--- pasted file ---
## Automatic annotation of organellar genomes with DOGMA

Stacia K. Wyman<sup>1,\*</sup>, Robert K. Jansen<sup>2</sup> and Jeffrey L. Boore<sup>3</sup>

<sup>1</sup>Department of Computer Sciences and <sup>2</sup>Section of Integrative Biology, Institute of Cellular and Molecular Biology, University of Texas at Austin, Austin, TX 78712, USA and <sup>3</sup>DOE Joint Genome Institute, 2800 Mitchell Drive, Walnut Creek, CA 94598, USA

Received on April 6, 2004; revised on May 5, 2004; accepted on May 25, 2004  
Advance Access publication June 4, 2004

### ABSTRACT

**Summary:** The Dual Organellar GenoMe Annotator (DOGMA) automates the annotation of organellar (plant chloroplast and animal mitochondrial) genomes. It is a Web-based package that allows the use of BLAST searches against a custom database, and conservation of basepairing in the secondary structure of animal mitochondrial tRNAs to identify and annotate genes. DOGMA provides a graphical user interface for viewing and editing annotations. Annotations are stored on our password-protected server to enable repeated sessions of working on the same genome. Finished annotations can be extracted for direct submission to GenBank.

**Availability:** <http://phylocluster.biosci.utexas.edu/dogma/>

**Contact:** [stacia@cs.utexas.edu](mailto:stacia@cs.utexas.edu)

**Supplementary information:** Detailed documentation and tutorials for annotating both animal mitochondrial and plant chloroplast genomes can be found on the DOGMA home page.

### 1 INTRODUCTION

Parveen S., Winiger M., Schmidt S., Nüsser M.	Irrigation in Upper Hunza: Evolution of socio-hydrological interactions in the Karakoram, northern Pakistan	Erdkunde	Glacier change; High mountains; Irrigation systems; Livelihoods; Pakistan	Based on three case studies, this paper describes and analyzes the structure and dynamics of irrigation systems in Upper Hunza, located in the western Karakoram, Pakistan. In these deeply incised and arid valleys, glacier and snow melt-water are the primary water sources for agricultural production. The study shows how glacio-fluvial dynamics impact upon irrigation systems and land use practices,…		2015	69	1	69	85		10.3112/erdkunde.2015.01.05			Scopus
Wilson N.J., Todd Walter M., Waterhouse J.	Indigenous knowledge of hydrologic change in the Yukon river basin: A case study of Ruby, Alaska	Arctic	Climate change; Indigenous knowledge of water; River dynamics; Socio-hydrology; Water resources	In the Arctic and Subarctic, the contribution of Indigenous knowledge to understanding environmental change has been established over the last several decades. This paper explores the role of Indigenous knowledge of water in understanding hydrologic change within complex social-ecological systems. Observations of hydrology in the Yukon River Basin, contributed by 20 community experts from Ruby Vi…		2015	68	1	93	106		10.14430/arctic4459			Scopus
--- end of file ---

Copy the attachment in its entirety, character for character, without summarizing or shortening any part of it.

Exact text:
## Automatic annotation of organellar genomes with DOGMA

Stacia K. Wyman<sup>1,\*</sup>, Robert K. Jansen<sup>2</sup> and Jeffrey L. Boore<sup>3</sup>

<sup>1</sup>Department of Computer Sciences and <sup>2</sup>Section of Integrative Biology, Institute of Cellular and Molecular Biology, University of Texas at Austin, Austin, TX 78712, USA and <sup>3</sup>DOE Joint Genome Institute, 2800 Mitchell Drive, Walnut Creek, CA 94598, USA

Received on April 6, 2004; revised on May 5, 2004; accepted on May 25, 2004  
Advance Access publication June 4, 2004

### ABSTRACT

**Summary:** The Dual Organellar GenoMe Annotator (DOGMA) automates the annotation of organellar (plant chloroplast and animal mitochondrial) genomes. It is a Web-based package that allows the use of BLAST searches against a custom database, and conservation of basepairing in the secondary structure of animal mitochondrial tRNAs to identify and annotate genes. DOGMA provides a graphical user interface for viewing and editing annotations. Annotations are stored on our password-protected server to enable repeated sessions of working on the same genome. Finished annotations can be extracted for direct submission to GenBank.

**Availability:** <http://phylocluster.biosci.utexas.edu/dogma/>

**Contact:** [stacia@cs.utexas.edu](mailto:stacia@cs.utexas.edu)

**Supplementary information:** Detailed documentation and tutorials for annotating both animal mitochondrial and plant chloroplast genomes can be found on the DOGMA home page.

### 1 INTRODUCTION

Parveen S., Winiger M., Schmidt S., Nüsser M.	Irrigation in Upper Hunza: Evolution of socio-hydrological interactions in the Karakoram, northern Pakistan	Erdkunde	Glacier change; High mountains; Irrigation systems; Livelihoods; Pakistan	Based on three case studies, this paper describes and analyzes the structure and dynamics of irrigation systems in Upper Hunza, located in the western Karakoram, Pakistan. In these deeply incised and arid valleys, glacier and snow melt-water are the primary water sources for agricultural production. The study shows how glacio-fluvial dynamics impact upon irrigation systems and land use practices,…		2015	69	1	69	85		10.3112/erdkunde.2015.01.05			Scopus
Wilson N.J., Todd Walter M., Waterhouse J.	Indigenous knowledge of hydrologic change in the Yukon river basin: A case study of Ruby, Alaska	Arctic	Climate change; Indigenous knowledge of water; River dynamics; Socio-hydrology; Water resources	In the Arctic and Subarctic, the contribution of Indigenous knowledge to understanding environmental change has been established over the last several decades. This paper explores the role of Indigenous knowledge of water in understanding hydrologic change within complex social-ecological systems. Observations of hydrology in the Yukon River Basin, contributed by 20 community experts from Ruby Vi…		2015	68	1	93	106		10.14430/arctic4459			Scopus